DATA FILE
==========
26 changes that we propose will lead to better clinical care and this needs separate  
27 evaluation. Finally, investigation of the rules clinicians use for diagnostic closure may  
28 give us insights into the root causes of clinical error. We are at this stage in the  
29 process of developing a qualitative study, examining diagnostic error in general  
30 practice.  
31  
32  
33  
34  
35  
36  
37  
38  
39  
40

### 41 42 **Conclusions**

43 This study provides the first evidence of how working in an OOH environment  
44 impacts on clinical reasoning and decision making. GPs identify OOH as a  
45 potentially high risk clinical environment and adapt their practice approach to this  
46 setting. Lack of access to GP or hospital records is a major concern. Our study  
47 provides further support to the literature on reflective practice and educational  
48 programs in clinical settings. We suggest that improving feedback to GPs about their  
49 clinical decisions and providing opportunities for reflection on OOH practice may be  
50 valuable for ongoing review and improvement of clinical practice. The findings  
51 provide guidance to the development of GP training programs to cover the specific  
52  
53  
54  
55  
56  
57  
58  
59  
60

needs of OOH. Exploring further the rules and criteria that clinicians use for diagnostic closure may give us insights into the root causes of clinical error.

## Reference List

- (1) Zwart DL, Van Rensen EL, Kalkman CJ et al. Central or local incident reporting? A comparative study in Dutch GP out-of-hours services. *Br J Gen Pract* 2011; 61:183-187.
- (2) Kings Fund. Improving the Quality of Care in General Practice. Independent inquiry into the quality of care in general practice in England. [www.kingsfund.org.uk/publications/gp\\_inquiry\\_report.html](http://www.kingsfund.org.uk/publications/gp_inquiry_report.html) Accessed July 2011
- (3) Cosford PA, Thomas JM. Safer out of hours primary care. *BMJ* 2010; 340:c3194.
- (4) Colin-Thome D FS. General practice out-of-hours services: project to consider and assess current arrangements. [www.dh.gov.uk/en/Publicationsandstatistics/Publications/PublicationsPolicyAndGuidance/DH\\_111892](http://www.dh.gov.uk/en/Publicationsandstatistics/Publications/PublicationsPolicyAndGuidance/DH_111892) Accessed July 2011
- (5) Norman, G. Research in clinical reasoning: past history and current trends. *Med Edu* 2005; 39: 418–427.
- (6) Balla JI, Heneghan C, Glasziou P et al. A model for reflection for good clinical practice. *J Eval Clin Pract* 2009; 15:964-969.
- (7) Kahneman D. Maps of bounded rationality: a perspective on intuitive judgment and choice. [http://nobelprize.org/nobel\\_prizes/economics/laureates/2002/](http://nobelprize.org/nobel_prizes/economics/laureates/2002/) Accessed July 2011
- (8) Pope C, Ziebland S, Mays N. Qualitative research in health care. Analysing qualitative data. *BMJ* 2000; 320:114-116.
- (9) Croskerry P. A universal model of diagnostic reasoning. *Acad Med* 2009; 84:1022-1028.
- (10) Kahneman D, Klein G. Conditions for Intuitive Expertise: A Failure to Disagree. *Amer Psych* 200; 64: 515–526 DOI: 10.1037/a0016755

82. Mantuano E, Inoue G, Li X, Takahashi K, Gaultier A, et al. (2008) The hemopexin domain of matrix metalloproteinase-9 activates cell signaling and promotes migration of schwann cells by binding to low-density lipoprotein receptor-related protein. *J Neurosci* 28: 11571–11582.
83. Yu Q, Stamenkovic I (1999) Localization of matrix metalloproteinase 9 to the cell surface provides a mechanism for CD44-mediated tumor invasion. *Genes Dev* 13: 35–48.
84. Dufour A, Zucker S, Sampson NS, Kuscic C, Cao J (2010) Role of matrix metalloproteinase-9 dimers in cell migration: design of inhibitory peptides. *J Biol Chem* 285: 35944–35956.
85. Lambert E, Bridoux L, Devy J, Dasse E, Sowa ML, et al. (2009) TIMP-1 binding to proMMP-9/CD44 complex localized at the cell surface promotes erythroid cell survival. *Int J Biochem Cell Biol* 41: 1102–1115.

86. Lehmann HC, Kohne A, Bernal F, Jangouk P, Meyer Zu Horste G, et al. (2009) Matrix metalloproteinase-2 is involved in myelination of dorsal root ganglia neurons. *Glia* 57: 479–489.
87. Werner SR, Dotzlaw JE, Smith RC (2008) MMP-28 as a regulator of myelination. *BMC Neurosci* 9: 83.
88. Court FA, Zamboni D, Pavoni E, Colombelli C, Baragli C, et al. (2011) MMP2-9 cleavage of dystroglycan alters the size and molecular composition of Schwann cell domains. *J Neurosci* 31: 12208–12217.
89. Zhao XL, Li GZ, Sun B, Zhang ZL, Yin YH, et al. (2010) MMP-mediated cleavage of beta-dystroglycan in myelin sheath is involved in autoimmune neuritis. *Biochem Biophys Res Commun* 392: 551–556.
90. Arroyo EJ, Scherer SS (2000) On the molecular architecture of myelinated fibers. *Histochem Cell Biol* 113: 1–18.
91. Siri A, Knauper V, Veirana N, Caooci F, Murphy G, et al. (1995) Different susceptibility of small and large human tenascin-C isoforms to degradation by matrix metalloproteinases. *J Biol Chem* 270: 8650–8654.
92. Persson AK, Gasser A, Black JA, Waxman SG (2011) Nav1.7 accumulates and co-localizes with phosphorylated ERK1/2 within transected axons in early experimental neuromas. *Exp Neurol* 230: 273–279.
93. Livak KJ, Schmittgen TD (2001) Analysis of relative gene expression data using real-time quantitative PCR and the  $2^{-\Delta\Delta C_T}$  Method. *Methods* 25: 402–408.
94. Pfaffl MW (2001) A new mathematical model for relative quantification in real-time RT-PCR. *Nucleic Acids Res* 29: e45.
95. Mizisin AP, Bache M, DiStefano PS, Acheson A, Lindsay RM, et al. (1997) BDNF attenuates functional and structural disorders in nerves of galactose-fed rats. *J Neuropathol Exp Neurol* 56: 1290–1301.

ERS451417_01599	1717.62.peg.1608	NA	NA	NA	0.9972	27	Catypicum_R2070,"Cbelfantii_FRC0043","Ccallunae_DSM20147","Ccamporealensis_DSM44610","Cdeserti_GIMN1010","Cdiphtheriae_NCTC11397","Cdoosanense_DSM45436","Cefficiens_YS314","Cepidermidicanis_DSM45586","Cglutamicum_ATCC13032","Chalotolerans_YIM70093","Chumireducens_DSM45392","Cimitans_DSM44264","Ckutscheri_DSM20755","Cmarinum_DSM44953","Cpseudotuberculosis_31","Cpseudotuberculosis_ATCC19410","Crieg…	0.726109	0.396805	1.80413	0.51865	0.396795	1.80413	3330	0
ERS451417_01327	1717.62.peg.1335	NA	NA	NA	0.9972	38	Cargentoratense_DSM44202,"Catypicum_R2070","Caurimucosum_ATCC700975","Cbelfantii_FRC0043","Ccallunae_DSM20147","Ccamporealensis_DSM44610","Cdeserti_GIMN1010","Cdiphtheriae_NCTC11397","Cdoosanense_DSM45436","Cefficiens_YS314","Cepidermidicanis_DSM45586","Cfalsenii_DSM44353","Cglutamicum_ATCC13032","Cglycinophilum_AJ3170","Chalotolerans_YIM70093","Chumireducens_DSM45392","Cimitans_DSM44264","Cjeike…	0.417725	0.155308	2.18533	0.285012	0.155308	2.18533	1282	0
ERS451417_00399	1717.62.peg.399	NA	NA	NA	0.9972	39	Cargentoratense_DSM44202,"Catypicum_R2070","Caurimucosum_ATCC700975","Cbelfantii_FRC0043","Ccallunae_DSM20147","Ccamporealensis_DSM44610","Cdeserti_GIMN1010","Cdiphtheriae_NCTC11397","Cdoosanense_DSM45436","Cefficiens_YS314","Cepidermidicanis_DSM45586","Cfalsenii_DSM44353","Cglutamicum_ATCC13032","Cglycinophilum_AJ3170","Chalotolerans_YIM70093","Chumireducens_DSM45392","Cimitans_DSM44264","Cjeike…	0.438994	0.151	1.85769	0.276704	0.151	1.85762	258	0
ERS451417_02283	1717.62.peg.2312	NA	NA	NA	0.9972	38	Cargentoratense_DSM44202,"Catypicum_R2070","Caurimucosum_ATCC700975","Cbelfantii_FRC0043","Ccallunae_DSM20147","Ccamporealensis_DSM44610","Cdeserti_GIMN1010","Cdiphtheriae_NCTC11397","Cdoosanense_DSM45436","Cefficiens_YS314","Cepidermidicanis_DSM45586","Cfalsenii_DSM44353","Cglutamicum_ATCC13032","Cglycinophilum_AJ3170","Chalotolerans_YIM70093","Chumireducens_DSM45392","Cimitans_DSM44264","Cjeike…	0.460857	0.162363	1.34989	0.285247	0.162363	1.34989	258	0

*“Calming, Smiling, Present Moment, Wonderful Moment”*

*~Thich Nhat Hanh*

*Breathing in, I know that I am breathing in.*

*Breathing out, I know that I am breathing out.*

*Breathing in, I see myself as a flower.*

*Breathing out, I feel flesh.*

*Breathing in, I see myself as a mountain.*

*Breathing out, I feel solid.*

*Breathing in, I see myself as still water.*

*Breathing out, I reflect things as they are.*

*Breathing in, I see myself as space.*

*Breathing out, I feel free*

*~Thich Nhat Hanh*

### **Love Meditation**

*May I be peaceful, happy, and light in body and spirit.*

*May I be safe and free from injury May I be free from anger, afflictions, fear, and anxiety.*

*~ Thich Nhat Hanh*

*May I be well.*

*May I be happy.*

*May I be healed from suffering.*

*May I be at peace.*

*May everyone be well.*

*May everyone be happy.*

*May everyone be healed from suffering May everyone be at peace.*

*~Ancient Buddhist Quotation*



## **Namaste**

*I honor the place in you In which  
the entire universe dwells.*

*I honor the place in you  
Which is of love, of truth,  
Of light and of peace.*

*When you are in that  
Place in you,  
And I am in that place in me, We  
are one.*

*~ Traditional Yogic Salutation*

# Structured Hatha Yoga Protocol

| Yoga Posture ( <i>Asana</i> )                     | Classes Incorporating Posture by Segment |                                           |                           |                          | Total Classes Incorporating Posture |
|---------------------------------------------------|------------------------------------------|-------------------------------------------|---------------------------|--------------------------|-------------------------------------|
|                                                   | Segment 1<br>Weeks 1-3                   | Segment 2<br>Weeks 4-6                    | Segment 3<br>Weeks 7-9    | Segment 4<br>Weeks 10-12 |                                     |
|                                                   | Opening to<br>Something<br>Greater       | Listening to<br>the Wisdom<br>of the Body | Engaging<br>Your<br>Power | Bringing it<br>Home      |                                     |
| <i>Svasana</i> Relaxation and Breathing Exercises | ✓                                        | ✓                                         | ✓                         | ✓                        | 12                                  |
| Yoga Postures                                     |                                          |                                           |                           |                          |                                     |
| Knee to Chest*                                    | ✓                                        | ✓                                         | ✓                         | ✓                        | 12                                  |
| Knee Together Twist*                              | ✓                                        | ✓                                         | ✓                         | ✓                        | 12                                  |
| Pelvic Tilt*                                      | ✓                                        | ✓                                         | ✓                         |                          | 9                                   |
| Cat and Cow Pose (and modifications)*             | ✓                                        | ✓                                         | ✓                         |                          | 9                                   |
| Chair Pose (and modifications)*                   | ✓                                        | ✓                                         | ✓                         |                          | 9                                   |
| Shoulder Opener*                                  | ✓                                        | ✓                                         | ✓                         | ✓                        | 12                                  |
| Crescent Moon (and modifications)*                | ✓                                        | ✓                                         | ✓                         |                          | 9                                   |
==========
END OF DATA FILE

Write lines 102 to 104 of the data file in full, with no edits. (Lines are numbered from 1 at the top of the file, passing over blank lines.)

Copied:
| Yoga Posture ( <i>Asana</i> )                     | Classes Incorporating Posture by Segment |                                           |                           |                          | Total Classes Incorporating Posture |
|---------------------------------------------------|------------------------------------------|-------------------------------------------|---------------------------|--------------------------|-------------------------------------|
|                                                   | Segment 1<br>Weeks 1-3                   | Segment 2<br>Weeks 4-6                    | Segment 3<br>Weeks 7-9    | Segment 4<br>Weeks 10-12 |                                     |